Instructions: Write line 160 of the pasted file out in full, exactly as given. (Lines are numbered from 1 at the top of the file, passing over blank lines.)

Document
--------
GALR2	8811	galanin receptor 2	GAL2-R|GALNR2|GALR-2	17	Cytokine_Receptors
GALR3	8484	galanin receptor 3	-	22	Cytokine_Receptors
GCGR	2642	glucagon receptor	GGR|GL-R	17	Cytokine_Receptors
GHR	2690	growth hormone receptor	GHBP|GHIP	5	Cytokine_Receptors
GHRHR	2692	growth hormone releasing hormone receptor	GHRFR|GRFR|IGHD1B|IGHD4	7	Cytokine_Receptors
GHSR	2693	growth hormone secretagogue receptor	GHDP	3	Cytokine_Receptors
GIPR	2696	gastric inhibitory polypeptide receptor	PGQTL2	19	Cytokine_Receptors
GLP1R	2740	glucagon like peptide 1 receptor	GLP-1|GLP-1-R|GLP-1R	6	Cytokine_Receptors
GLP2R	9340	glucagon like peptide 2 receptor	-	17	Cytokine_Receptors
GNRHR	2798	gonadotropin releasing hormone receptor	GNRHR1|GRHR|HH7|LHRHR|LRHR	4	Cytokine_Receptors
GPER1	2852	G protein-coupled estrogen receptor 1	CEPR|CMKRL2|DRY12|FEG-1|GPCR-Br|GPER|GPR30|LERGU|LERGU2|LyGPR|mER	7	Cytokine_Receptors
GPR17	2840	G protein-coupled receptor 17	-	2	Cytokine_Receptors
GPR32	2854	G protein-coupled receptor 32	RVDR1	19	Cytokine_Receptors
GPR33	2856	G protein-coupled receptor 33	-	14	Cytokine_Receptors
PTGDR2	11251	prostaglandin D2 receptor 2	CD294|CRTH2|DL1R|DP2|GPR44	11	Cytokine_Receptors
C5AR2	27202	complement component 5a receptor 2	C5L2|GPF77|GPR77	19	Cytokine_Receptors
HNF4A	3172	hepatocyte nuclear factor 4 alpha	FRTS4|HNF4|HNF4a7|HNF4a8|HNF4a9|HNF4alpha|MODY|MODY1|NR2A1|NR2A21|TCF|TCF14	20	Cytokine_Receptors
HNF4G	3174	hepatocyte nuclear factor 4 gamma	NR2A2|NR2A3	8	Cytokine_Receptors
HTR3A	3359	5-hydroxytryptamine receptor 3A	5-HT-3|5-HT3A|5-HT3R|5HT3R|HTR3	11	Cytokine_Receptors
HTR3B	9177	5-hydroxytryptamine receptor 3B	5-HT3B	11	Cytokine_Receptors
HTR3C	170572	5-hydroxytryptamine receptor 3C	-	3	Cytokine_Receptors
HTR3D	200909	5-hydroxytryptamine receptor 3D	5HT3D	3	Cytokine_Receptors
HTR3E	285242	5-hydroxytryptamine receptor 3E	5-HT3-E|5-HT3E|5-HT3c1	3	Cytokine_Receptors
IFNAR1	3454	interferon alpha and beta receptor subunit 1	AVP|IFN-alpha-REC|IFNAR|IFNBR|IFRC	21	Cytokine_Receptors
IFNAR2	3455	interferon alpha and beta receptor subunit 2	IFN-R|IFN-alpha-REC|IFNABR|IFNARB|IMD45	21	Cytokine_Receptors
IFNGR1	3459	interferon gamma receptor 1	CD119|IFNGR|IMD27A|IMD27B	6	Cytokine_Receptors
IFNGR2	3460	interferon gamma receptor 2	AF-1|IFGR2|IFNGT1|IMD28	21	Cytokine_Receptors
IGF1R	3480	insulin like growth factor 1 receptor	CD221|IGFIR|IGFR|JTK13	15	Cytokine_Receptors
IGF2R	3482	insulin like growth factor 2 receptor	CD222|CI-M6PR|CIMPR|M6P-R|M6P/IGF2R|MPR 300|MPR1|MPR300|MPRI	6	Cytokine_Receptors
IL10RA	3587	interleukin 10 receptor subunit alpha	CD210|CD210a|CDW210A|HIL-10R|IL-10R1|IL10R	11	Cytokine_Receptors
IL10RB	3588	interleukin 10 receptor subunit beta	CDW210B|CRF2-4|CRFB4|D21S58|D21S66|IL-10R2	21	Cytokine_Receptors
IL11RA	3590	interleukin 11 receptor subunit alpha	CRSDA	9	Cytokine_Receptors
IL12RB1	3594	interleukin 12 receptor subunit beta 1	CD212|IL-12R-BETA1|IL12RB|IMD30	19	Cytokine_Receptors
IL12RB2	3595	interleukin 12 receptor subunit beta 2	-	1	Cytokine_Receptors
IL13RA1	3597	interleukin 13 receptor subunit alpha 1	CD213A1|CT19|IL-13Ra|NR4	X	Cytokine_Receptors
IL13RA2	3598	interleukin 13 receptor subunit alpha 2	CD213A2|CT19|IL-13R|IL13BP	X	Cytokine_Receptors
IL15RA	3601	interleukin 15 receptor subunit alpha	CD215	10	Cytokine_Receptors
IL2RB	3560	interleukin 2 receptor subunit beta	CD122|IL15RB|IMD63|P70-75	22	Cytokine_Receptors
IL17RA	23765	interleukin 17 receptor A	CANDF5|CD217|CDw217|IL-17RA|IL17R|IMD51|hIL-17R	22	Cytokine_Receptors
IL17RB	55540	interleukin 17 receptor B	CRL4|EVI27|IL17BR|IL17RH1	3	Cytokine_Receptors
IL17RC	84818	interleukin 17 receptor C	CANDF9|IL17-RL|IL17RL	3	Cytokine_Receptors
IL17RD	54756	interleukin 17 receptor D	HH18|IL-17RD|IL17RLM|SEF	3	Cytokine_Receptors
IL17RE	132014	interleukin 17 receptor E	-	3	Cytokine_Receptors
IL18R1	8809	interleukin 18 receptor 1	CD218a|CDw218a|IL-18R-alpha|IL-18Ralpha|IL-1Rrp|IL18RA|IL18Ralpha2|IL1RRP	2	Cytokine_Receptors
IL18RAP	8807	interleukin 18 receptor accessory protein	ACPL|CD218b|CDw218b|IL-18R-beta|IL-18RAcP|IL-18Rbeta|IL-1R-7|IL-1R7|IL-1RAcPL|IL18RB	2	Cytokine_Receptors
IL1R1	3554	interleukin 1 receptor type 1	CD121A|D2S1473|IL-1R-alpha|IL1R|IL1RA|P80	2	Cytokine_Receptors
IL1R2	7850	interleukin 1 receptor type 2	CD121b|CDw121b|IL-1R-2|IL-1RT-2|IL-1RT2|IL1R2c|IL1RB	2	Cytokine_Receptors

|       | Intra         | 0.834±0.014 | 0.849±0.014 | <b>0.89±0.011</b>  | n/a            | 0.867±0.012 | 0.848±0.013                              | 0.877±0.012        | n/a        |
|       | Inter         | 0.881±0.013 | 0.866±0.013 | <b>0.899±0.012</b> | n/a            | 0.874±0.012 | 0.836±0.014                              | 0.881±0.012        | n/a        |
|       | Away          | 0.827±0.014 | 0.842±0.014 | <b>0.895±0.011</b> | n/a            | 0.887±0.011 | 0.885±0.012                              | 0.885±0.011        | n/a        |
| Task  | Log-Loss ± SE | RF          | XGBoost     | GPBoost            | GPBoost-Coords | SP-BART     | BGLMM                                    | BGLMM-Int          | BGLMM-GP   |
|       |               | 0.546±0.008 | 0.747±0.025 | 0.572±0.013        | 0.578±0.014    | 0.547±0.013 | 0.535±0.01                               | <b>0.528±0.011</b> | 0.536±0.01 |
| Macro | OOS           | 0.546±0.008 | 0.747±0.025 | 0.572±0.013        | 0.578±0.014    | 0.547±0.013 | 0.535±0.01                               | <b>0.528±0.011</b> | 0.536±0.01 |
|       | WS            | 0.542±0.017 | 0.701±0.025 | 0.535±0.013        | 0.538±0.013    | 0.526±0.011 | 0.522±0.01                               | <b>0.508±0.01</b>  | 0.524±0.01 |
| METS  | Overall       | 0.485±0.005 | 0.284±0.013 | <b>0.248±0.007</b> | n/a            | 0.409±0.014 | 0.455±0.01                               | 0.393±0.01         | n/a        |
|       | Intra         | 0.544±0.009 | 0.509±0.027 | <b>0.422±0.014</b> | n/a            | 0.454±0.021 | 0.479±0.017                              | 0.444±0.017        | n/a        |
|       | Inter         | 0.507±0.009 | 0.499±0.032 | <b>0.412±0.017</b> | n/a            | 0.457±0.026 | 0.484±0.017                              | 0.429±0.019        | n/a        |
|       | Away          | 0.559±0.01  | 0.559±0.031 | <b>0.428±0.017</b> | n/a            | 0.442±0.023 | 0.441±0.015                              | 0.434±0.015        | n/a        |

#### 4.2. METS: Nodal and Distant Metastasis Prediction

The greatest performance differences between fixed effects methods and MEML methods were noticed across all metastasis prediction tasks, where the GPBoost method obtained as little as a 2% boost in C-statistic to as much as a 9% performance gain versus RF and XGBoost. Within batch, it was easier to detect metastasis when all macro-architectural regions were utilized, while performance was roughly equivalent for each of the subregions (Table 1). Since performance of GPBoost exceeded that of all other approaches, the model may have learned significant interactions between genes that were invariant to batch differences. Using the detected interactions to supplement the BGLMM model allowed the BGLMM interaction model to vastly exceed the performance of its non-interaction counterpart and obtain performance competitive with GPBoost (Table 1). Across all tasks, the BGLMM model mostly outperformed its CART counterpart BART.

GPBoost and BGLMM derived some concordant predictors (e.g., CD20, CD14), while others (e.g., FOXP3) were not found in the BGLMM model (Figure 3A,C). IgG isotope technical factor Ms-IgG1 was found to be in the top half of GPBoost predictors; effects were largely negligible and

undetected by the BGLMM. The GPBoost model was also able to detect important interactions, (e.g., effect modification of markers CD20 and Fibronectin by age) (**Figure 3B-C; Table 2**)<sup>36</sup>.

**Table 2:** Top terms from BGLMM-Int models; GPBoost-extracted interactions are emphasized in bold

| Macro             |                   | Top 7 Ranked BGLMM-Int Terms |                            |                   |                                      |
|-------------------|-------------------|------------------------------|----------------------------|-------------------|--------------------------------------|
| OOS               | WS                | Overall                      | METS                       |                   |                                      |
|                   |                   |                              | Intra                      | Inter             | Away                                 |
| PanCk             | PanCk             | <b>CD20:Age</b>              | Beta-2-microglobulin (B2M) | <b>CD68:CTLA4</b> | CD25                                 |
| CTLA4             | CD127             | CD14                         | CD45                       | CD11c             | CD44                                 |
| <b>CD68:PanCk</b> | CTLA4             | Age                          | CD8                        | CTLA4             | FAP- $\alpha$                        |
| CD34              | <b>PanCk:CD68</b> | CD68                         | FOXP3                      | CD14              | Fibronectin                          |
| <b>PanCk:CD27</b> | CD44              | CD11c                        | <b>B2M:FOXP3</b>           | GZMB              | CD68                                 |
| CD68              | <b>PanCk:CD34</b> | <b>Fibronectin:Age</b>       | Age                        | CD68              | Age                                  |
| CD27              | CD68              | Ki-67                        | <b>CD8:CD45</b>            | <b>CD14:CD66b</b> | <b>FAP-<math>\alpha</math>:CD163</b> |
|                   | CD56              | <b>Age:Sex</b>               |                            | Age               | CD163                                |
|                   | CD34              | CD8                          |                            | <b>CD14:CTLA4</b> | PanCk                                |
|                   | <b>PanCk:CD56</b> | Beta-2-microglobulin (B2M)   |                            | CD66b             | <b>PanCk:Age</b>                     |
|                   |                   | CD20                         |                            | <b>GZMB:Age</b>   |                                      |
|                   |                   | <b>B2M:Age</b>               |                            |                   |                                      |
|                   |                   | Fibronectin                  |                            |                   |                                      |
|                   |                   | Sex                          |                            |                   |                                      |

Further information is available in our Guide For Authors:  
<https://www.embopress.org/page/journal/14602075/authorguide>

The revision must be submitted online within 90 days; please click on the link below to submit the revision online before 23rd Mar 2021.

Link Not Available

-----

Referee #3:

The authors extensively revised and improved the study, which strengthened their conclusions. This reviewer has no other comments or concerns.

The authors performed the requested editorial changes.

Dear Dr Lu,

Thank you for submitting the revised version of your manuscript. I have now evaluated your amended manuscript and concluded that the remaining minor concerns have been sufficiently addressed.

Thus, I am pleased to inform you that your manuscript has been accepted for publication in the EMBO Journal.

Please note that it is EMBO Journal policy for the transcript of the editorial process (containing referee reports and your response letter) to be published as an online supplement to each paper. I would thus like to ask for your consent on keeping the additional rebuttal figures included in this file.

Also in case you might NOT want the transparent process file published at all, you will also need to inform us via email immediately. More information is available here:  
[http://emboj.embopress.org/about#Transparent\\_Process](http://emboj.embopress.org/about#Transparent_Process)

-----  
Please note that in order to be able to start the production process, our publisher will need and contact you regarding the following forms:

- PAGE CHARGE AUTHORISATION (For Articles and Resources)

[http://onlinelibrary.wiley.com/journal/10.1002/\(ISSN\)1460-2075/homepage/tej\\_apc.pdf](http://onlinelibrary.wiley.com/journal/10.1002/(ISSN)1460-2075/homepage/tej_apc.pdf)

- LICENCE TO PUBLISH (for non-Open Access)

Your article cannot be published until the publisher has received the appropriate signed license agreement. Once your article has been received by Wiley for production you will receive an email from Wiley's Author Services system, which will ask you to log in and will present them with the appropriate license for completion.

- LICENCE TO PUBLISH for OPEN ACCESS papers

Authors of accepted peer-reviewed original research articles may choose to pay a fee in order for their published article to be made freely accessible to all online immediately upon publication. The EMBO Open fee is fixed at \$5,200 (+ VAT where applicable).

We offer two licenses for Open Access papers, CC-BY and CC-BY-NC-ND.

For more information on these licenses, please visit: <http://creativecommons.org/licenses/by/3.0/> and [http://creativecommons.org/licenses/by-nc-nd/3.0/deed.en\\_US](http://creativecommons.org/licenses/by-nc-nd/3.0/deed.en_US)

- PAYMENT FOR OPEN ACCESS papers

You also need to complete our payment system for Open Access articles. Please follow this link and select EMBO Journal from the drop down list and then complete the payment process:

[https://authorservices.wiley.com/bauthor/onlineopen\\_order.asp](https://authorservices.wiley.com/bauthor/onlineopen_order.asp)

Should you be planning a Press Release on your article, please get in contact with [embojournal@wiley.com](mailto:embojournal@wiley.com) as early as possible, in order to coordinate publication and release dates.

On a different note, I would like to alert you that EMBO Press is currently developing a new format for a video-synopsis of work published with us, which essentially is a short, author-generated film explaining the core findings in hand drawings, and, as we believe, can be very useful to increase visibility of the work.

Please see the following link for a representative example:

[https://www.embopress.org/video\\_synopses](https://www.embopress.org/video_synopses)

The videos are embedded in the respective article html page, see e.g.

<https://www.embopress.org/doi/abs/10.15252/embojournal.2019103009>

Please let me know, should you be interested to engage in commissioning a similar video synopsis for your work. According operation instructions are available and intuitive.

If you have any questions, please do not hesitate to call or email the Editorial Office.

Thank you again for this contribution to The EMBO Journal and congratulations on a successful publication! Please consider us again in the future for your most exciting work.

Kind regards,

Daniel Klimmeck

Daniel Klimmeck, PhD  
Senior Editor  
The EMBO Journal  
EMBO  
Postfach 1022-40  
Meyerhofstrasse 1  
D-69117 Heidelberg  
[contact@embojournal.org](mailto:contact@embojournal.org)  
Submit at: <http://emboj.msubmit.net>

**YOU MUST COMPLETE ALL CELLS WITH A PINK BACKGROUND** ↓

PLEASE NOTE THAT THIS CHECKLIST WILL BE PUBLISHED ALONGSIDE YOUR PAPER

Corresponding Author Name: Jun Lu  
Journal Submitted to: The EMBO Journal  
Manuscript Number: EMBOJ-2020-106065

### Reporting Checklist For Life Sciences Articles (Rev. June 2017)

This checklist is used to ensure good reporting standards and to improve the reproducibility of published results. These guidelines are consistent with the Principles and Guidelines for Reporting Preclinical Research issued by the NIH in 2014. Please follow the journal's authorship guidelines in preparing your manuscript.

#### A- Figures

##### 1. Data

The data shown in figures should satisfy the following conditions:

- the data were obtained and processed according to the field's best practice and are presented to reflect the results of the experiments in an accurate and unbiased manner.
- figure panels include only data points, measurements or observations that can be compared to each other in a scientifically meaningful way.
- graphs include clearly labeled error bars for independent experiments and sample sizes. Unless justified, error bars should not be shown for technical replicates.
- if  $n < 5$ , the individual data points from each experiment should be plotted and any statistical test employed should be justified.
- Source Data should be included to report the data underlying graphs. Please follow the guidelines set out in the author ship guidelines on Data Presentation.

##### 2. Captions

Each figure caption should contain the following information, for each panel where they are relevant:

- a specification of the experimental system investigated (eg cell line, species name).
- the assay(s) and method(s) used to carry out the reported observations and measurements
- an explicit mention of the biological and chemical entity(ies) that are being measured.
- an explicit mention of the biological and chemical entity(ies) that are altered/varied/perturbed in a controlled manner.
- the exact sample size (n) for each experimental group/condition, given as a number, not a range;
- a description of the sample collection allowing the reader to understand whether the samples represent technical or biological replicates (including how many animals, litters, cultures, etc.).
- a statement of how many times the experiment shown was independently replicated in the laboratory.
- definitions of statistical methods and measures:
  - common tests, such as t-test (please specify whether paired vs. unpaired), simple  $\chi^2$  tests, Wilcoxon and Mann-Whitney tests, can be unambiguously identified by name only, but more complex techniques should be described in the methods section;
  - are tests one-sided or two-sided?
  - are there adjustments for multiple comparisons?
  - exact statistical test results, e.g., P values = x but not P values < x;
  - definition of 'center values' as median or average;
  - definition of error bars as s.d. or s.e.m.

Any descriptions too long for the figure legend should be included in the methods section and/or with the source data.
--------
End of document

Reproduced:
Any descriptions too long for the figure legend should be included in the methods section and/or with the source data.